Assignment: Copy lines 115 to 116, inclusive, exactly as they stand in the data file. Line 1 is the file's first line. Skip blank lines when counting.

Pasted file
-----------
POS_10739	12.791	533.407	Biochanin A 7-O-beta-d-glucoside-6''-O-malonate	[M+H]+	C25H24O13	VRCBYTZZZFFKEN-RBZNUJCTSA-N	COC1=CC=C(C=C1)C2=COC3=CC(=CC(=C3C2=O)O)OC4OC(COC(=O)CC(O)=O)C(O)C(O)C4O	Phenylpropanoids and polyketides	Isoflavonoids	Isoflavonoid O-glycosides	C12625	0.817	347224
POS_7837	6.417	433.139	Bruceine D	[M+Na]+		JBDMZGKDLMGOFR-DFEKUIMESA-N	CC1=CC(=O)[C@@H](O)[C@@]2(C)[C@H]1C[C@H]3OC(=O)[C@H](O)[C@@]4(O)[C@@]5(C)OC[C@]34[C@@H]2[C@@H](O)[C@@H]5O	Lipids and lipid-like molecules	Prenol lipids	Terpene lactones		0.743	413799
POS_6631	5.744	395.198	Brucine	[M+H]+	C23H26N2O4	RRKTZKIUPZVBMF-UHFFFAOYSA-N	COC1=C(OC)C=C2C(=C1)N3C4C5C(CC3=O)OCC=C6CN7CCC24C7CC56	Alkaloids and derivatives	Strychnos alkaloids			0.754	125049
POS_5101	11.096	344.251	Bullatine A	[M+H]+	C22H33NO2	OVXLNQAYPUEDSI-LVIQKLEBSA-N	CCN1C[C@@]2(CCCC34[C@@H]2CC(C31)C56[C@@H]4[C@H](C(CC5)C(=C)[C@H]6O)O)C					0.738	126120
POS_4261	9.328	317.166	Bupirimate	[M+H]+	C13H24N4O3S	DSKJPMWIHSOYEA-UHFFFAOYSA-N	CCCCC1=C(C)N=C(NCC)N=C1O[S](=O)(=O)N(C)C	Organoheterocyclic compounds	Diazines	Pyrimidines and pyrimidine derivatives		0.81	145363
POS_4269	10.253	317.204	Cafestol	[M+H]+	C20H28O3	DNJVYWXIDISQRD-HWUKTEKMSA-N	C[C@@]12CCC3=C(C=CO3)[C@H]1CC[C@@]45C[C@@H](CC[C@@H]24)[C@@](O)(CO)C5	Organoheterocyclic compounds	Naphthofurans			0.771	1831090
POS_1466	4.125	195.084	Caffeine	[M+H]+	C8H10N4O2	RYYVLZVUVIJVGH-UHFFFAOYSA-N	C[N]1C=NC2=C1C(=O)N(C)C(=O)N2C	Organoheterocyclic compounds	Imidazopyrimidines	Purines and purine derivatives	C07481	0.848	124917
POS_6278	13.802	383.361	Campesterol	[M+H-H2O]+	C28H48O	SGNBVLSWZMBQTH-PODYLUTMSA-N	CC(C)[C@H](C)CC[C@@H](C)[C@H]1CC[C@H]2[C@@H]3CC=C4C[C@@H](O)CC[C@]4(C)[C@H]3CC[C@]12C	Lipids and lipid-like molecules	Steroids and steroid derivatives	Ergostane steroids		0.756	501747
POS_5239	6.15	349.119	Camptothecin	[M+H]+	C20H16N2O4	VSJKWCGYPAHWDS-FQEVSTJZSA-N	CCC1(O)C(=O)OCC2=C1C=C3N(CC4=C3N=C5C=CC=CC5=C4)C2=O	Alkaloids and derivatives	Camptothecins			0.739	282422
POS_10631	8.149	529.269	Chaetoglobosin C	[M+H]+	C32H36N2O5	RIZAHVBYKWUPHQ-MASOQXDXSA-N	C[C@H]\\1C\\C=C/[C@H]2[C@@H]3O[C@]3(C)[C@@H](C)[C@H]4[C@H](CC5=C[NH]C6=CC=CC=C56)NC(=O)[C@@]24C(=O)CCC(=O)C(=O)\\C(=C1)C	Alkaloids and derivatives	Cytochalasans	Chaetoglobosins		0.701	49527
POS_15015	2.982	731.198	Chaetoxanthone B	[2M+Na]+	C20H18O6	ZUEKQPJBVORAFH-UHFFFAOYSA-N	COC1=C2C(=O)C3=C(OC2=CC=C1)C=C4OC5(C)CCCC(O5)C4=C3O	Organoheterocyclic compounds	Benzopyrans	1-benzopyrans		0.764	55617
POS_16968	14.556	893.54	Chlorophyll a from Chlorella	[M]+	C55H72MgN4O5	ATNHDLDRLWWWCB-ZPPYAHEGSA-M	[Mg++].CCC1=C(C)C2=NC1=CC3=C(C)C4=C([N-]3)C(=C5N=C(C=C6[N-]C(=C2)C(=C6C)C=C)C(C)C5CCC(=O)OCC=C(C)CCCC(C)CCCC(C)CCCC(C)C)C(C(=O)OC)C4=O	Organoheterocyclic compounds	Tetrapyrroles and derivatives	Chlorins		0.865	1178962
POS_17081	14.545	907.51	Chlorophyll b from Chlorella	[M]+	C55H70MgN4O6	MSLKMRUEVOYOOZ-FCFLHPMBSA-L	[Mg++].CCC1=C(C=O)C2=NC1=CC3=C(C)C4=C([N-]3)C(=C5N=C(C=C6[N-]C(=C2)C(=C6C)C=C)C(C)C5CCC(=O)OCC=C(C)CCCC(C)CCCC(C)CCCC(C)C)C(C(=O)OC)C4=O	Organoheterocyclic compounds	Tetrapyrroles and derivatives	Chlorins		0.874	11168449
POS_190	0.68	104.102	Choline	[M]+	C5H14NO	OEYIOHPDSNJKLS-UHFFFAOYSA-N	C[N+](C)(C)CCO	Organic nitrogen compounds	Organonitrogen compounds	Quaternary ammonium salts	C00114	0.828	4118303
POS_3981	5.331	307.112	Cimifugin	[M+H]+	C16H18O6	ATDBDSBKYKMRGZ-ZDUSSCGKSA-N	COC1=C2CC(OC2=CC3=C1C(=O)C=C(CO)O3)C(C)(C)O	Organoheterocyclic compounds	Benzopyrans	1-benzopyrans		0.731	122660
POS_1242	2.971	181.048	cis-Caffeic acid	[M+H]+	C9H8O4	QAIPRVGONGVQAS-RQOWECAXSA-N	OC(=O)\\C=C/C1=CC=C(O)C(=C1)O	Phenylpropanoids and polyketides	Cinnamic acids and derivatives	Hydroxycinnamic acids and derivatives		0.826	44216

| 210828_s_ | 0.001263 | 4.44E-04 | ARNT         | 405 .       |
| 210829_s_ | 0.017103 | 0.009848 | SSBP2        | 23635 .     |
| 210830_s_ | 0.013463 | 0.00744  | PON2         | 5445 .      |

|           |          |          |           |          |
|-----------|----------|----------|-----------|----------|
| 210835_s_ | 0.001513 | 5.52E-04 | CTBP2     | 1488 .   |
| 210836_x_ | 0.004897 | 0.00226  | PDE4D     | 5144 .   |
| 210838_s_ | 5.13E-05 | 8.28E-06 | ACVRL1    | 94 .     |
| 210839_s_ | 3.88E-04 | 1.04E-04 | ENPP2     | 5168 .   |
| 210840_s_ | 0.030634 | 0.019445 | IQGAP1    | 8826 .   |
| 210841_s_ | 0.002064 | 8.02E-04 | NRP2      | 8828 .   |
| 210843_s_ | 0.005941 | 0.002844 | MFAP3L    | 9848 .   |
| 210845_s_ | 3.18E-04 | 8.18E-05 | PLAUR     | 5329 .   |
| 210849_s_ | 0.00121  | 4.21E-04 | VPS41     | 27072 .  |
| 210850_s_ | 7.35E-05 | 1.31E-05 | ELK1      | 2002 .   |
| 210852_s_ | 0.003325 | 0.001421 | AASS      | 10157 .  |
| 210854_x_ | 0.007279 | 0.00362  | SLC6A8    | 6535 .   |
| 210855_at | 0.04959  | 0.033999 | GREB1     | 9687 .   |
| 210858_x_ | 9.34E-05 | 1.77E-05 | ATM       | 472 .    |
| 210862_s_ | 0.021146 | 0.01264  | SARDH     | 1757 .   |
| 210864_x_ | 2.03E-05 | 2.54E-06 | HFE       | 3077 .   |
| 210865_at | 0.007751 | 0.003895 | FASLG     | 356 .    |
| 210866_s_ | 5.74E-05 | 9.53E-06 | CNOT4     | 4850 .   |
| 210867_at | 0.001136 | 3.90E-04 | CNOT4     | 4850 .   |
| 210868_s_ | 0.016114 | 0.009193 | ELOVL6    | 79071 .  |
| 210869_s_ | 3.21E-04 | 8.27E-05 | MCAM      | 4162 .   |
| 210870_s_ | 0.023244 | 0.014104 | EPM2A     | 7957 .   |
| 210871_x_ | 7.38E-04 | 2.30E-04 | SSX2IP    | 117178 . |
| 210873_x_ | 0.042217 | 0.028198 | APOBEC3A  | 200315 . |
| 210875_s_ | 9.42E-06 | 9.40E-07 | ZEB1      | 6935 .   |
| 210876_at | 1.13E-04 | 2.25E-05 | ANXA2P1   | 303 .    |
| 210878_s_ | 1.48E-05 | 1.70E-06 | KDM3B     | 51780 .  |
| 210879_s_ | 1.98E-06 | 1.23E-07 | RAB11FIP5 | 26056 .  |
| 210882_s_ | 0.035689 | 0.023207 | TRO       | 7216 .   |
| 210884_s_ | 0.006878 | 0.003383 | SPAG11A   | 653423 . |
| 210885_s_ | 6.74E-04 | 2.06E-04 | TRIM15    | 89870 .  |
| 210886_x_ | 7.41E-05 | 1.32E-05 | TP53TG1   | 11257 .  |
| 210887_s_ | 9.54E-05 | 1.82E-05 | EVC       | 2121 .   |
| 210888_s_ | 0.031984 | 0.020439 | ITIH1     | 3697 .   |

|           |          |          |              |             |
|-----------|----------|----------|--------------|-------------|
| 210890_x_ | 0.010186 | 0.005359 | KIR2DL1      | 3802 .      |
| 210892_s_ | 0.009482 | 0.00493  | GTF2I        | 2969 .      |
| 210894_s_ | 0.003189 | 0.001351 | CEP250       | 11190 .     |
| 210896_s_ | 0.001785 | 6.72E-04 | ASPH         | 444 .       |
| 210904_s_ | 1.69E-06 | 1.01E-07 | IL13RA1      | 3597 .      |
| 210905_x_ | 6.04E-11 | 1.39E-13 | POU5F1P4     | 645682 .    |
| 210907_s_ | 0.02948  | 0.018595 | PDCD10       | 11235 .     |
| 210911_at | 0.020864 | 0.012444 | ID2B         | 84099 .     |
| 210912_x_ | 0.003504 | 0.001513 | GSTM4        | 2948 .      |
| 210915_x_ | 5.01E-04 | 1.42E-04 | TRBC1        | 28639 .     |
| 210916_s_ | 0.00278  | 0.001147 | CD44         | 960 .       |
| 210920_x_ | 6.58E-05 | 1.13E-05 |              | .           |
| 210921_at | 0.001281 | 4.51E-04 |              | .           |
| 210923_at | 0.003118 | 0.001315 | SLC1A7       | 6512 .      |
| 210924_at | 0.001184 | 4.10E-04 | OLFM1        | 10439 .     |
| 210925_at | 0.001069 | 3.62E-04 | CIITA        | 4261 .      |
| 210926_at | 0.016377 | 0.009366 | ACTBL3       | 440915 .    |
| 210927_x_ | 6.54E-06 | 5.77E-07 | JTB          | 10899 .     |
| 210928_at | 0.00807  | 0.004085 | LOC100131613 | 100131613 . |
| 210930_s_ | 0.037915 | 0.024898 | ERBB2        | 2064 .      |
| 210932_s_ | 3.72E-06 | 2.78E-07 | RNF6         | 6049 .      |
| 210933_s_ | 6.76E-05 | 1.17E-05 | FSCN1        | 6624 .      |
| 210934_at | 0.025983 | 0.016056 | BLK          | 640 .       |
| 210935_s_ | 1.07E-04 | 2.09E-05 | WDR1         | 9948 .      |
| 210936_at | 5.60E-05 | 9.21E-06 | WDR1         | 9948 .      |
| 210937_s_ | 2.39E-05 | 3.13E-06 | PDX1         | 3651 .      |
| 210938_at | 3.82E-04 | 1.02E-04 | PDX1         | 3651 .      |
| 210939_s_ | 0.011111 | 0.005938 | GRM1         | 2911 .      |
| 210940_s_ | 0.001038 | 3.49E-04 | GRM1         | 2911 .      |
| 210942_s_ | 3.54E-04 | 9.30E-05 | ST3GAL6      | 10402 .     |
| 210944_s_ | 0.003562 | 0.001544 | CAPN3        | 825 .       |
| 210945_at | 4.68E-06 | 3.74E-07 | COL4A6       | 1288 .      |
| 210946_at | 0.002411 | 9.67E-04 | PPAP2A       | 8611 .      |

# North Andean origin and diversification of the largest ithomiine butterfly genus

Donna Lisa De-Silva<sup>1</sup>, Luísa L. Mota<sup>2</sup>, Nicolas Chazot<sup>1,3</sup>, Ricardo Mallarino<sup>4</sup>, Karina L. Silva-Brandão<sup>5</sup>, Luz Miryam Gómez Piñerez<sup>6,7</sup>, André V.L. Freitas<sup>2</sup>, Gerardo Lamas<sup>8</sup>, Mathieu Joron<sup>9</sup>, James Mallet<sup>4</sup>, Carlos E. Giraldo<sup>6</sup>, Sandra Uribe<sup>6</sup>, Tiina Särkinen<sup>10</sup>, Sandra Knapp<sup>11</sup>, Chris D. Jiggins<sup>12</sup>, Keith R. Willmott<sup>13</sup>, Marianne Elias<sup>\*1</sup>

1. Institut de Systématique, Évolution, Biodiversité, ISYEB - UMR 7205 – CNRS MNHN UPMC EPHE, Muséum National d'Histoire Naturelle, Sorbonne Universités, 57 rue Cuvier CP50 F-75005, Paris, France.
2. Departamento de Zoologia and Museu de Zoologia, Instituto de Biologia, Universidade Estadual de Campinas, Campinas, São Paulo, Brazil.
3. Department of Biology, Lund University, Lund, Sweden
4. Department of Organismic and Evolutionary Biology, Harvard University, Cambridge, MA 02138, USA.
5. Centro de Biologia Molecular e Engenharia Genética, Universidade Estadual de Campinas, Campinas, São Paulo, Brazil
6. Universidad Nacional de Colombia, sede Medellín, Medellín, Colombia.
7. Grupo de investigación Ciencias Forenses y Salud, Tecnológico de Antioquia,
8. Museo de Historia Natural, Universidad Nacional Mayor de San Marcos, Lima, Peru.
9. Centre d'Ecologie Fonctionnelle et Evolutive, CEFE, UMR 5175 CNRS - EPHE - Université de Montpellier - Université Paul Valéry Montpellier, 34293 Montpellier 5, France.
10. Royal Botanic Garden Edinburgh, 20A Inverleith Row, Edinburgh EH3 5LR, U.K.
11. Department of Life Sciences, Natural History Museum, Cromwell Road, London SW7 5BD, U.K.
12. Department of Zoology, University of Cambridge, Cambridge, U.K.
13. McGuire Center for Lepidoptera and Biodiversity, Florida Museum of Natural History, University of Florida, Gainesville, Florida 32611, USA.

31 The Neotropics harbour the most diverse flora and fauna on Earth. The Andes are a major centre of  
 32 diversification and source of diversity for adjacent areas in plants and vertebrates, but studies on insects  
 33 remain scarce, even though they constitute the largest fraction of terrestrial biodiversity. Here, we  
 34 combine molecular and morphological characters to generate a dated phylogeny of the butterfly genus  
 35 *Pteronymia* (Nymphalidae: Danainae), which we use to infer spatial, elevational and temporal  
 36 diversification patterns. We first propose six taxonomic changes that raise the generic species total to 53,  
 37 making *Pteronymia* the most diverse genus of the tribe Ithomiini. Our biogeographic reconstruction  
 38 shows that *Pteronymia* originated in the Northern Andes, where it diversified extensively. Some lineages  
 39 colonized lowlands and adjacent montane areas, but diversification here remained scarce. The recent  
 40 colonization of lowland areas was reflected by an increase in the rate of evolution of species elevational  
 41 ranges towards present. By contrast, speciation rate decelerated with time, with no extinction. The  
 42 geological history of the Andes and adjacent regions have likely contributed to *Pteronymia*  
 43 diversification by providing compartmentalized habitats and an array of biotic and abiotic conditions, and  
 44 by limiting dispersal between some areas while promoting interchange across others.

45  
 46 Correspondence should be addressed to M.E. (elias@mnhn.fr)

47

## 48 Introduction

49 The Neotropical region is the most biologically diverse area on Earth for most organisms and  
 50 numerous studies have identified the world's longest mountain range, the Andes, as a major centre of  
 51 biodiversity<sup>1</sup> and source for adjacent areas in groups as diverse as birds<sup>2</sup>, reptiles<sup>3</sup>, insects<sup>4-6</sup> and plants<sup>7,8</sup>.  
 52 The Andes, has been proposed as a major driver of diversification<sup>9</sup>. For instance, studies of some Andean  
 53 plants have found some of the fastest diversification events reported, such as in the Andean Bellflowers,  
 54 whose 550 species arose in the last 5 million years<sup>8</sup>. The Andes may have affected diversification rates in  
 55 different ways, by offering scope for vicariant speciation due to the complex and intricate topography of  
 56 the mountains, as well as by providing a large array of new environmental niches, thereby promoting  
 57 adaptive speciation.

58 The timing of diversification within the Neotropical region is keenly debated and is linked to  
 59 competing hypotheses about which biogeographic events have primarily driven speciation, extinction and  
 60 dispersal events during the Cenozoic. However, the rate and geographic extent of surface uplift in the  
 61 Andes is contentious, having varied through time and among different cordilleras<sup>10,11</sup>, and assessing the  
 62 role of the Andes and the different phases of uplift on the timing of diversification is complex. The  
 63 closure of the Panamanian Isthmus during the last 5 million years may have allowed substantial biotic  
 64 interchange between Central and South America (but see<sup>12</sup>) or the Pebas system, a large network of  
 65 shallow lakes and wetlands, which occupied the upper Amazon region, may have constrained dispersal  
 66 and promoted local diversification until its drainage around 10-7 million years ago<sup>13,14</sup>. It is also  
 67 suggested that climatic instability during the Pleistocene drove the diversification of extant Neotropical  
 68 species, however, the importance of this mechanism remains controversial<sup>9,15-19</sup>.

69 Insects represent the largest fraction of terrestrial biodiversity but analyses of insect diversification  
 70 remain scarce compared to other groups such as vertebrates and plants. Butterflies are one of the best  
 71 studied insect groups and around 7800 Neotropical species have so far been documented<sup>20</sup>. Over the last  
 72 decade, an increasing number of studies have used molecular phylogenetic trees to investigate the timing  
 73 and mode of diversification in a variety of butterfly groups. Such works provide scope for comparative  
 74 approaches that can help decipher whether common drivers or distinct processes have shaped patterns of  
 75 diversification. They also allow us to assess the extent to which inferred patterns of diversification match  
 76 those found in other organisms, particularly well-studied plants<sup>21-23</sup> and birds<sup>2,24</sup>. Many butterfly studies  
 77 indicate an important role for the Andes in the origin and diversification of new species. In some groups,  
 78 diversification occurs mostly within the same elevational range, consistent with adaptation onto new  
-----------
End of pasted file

 40 colonization of lowland areas was reflected by an increase in the rate of evolution of species elevational  
 41 ranges towards present. By contrast, speciation rate decelerated with time, with no extinction. The  